FluroStat and Dagan, two startups that both are tackling the monitoring and management of agricultural inputs and outputs for a better understanding of the role sustainable agriculture can play in reducing greenhouse gas emissions, have merged and are launching a package of services under a new brand, Regrow.
The merge, announced yesterday, will create a company that combines FluroStat’s data-driven agriculture management services with Dagan’s soil biogeochemical modeling technology, the companies said in a joint statement.
The combined companies will have the ability to provide satellite collected data to optimize crop management and adoption of conservation practices along with site-specific analysis and custom interventions for different crops, fields, farms and regions.
Dagan co-founder Dr. William Salas said the combined companies will be able to have a better handle on the market for carbon emissions — thanks in no small part to Dagan’s work on soil carbon.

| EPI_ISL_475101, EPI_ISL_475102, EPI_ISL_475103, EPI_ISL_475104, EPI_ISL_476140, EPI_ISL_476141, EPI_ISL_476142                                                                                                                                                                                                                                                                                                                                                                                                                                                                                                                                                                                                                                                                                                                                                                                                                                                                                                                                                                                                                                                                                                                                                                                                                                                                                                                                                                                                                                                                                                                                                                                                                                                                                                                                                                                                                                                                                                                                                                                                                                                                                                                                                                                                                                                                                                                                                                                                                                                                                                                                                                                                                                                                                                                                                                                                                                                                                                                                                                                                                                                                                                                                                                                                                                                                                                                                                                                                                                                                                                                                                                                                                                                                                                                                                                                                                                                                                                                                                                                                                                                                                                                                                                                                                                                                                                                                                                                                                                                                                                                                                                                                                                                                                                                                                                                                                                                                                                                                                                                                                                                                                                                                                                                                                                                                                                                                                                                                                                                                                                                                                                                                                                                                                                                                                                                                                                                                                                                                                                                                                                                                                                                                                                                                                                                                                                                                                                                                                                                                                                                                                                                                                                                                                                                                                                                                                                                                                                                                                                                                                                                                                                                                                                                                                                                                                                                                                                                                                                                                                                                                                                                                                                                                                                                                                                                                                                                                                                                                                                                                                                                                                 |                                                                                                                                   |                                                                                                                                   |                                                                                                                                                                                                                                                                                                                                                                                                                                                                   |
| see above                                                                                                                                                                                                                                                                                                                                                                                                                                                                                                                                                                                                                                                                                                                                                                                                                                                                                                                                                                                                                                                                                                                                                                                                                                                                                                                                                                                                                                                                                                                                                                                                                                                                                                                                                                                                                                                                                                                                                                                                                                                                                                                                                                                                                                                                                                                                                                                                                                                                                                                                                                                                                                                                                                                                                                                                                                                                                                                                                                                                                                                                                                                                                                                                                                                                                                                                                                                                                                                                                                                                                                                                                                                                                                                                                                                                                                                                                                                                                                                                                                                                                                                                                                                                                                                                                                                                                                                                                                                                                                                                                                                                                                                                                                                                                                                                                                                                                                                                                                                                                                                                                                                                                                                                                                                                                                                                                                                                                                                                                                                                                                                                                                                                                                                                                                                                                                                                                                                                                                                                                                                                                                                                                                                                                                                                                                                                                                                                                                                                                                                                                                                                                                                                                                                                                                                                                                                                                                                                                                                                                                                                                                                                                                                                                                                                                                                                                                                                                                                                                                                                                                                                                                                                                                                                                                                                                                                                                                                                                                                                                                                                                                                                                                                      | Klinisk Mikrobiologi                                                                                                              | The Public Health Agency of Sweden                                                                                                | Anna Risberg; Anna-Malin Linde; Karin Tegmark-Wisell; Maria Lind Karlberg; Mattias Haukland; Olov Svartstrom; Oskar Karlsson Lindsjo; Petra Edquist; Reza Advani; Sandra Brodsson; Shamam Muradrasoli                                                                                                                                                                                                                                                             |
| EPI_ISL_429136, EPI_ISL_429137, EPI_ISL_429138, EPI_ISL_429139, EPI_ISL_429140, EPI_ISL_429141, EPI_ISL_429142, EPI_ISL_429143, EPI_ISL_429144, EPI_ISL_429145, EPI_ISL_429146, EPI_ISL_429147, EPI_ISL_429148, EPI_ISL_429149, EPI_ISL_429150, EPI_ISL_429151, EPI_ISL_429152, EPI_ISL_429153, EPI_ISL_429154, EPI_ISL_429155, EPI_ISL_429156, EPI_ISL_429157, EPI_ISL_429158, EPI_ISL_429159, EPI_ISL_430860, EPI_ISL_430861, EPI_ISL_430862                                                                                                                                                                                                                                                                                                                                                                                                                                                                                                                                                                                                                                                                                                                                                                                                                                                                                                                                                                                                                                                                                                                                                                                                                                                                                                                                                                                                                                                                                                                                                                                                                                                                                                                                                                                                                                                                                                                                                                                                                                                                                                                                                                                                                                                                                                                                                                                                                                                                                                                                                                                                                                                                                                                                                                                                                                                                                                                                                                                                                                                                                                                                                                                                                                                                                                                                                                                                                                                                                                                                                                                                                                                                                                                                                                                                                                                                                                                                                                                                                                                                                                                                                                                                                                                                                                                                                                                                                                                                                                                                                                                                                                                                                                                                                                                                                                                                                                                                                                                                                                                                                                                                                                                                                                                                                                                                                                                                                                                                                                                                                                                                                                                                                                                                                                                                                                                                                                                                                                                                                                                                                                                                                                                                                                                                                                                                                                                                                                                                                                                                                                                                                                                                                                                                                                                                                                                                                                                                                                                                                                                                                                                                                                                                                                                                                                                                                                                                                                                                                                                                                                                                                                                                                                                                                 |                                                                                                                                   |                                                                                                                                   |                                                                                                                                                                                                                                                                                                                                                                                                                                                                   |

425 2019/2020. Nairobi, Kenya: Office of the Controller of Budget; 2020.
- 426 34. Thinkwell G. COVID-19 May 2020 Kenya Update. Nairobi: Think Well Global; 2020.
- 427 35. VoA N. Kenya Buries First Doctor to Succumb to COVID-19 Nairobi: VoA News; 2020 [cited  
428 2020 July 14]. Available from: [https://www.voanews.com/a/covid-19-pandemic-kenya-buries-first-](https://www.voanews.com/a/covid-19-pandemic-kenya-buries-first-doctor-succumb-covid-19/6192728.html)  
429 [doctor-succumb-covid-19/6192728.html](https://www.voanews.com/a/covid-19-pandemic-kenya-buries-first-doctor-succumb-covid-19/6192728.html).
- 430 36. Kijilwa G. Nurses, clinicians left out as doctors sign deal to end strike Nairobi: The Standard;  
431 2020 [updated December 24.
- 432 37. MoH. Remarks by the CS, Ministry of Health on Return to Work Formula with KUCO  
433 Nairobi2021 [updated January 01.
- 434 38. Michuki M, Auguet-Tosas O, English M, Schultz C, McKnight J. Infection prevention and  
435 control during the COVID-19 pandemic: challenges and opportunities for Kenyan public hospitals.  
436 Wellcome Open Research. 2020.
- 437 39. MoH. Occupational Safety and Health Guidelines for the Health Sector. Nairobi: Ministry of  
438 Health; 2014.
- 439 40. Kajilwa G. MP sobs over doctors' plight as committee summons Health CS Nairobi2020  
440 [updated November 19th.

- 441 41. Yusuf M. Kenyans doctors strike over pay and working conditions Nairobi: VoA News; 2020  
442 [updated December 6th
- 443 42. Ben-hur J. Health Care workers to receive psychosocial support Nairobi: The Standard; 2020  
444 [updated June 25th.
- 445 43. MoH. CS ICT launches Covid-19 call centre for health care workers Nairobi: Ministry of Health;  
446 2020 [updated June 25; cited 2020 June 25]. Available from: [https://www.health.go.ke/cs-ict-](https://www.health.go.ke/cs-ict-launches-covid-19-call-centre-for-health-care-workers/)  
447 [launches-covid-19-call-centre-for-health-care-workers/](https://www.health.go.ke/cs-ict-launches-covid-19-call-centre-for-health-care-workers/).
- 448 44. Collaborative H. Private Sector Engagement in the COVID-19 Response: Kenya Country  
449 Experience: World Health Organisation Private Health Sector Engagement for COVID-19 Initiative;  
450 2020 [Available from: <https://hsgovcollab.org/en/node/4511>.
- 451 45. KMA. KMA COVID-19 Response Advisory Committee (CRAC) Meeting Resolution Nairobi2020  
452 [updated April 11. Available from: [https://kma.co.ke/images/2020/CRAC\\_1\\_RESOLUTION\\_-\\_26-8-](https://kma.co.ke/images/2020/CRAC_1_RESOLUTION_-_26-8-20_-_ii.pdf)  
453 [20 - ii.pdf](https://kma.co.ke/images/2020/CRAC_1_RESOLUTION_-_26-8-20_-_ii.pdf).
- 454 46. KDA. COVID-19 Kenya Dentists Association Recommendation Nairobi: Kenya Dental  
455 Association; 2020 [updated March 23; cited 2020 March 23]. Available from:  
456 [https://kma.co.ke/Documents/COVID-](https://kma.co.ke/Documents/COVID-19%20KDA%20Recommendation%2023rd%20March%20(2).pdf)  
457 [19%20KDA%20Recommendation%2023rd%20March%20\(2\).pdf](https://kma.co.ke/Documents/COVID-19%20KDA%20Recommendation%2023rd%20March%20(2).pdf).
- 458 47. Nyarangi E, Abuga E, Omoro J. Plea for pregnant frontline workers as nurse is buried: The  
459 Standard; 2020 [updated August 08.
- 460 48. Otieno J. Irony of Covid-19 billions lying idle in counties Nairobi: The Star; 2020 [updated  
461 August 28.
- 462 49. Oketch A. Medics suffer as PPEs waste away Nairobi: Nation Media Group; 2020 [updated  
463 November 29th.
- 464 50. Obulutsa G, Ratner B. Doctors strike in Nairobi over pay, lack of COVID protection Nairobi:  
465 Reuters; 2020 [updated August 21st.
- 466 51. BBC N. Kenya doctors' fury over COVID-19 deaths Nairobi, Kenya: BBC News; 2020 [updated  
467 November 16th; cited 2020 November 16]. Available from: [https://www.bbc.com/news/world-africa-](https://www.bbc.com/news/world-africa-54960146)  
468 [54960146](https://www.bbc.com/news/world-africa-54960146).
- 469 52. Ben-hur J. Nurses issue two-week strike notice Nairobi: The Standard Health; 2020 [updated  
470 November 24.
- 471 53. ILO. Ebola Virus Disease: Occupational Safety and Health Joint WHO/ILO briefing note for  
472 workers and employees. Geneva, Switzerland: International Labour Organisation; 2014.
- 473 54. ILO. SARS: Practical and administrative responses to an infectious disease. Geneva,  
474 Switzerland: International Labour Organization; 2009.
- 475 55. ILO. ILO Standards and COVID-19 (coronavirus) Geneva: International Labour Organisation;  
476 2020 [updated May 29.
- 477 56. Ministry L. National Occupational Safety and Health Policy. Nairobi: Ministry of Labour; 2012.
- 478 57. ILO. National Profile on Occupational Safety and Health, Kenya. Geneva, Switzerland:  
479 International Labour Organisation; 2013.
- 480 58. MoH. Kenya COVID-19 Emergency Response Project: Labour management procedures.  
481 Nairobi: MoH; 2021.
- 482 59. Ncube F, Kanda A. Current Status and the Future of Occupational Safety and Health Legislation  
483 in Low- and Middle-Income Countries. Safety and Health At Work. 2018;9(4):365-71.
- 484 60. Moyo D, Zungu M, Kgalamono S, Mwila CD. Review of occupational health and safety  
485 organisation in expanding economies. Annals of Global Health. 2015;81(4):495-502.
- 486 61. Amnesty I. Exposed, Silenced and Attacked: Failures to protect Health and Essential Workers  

“Soil carbon sequestration is finally emerging as a globally relevant strategy for drawing down excess atmospheric carbon dioxide. Shortcuts, misconceptions and over-hyping have the potential to stunt the tremendous potential of soil carbon,” Salas said in a statement. “But the merger of FluroSat and Dagan will give the industry the confidence and integrity it needs with best-in-class soil health data that can prescribe site-specific strategies and provide accuracy and transparency that will help companies succeed in carbon markets.”
Terms of the merger were not disclosed, but FluroSat had previously raised roughly $8.6 million in equity and grant funding led by Microsoft’s M12 venture fund, according to data from Crunchbase.
“Over the next decade, we need to grow and produce enough food to nourish 10 billion people around the world in a way that protects our land and stems climate change,” says Ranveer Chandra, chief scientist, Azure Global at Microsoft. “Regrow’s computational agriculture, using machine learning and scientific modeling, will help improve the accuracy of accounting for soil carbon, and bring farmers closer to benefitting from carbon markets.”